“Right after my marriage, my parents surrendered my ration card and my in-laws never cared to get my name added to their family list. With no Aadhar or PAN card, I was technically non-existential for my country’s government and had no identity of my own,” she tells IWB.

Somehow, this ravening mother managed to get a job at a construction site where she was paid Rs. 50 every day. The struggle was real with the ever-increasing rates of pulses and cereals, but that didn’t deter her. Though uneducated, she kept looking for opportunities that would fetch her family a better lifestyle. Meanwhile, her father passed away, leaving the entire family’s responsibility on her shoulders.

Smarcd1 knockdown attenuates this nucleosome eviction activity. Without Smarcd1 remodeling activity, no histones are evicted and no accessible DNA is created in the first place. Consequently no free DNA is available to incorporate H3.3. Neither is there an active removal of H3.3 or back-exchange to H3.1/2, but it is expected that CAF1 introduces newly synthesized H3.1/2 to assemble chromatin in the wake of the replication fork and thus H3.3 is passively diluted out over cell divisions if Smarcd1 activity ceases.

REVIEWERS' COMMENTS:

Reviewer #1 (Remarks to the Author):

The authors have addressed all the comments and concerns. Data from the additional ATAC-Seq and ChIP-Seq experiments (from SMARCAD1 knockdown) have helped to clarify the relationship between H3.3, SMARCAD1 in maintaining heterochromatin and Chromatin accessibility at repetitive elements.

Fortunately, NGO named CORO India got in touch with the laborers at the construction site she used to work for. This Sangathan is known for empowering people from the marginalized communities of India and transforming them into catalysts for society’s betterment. Dropadi saw this as a chance to expand her life state and get better at what she was doing at the time. Hence, she joined hands with the CORO India members and became a part of this organization’s Grassroots Leadership Development Program in 2011 to embark on a journey of self-realization. “Until this moment, I was under the impression that women are dependent on their fathers, brothers, husbands, and later, sons. CORO India leaders talked me out of that narrow mindset by sharing success stories of underprivileged women (like me) who believed in themselves to make it big in life,” shares Dropadi.